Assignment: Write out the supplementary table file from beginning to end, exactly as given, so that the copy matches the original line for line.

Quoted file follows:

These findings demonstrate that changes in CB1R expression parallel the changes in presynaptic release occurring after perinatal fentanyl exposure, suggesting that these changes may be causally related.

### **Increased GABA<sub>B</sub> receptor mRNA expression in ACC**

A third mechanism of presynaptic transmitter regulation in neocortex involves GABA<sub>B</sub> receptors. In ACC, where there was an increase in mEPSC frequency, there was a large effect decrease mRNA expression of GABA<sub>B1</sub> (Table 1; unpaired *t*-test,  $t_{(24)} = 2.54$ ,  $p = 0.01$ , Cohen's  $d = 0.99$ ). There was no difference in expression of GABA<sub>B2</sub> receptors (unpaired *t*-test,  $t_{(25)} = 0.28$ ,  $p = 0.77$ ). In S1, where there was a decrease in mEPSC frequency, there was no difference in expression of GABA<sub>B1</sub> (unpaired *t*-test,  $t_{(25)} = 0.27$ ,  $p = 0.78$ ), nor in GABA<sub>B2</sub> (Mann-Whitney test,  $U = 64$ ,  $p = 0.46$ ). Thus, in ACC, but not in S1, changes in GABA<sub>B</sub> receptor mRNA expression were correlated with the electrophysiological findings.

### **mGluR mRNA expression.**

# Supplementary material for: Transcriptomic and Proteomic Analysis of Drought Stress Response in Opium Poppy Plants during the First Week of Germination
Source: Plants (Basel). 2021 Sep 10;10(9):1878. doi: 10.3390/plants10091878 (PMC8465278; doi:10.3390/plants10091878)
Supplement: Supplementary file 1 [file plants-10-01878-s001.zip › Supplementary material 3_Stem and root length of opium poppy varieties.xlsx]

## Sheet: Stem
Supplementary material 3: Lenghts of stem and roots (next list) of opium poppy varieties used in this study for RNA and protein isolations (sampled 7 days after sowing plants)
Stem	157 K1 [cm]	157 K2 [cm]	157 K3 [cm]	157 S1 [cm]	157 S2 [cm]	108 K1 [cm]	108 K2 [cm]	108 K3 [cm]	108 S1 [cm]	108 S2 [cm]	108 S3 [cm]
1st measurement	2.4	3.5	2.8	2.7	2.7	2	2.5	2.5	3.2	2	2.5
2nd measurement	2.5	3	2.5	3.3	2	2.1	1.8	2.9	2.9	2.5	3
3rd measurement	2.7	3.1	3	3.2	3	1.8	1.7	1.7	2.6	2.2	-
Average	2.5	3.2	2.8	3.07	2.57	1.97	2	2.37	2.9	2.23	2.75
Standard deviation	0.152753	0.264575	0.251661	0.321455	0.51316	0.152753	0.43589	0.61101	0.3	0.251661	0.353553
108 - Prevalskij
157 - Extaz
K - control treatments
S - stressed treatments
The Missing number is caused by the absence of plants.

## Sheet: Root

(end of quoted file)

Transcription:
These findings demonstrate that changes in CB1R expression parallel the changes in presynaptic release occurring after perinatal fentanyl exposure, suggesting that these changes may be causally related.

### **Increased GABA<sub>B</sub> receptor mRNA expression in ACC**

A third mechanism of presynaptic transmitter regulation in neocortex involves GABA<sub>B</sub> receptors. In ACC, where there was an increase in mEPSC frequency, there was a large effect decrease mRNA expression of GABA<sub>B1</sub> (Table 1; unpaired *t*-test,  $t_{(24)} = 2.54$ ,  $p = 0.01$ , Cohen's  $d = 0.99$ ). There was no difference in expression of GABA<sub>B2</sub> receptors (unpaired *t*-test,  $t_{(25)} = 0.28$ ,  $p = 0.77$ ). In S1, where there was a decrease in mEPSC frequency, there was no difference in expression of GABA<sub>B1</sub> (unpaired *t*-test,  $t_{(25)} = 0.27$ ,  $p = 0.78$ ), nor in GABA<sub>B2</sub> (Mann-Whitney test,  $U = 64$ ,  $p = 0.46$ ). Thus, in ACC, but not in S1, changes in GABA<sub>B</sub> receptor mRNA expression were correlated with the electrophysiological findings.

### **mGluR mRNA expression.**

# Supplementary material for: Transcriptomic and Proteomic Analysis of Drought Stress Response in Opium Poppy Plants during the First Week of Germination
Source: Plants (Basel). 2021 Sep 10;10(9):1878. doi: 10.3390/plants10091878 (PMC8465278; doi:10.3390/plants10091878)
Supplement: Supplementary file 1 [file plants-10-01878-s001.zip › Supplementary material 3_Stem and root length of opium poppy varieties.xlsx]

## Sheet: Stem
Supplementary material 3: Lenghts of stem and roots (next list) of opium poppy varieties used in this study for RNA and protein isolations (sampled 7 days after sowing plants)
Stem	157 K1 [cm]	157 K2 [cm]	157 K3 [cm]	157 S1 [cm]	157 S2 [cm]	108 K1 [cm]	108 K2 [cm]	108 K3 [cm]	108 S1 [cm]	108 S2 [cm]	108 S3 [cm]
1st measurement	2.4	3.5	2.8	2.7	2.7	2	2.5	2.5	3.2	2	2.5
2nd measurement	2.5	3	2.5	3.3	2	2.1	1.8	2.9	2.9	2.5	3
3rd measurement	2.7	3.1	3	3.2	3	1.8	1.7	1.7	2.6	2.2	-
Average	2.5	3.2	2.8	3.07	2.57	1.97	2	2.37	2.9	2.23	2.75
Standard deviation	0.152753	0.264575	0.251661	0.321455	0.51316	0.152753	0.43589	0.61101	0.3	0.251661	0.353553
108 - Prevalskij
157 - Extaz
K - control treatments
S - stressed treatments
The Missing number is caused by the absence of plants.

## Sheet: Root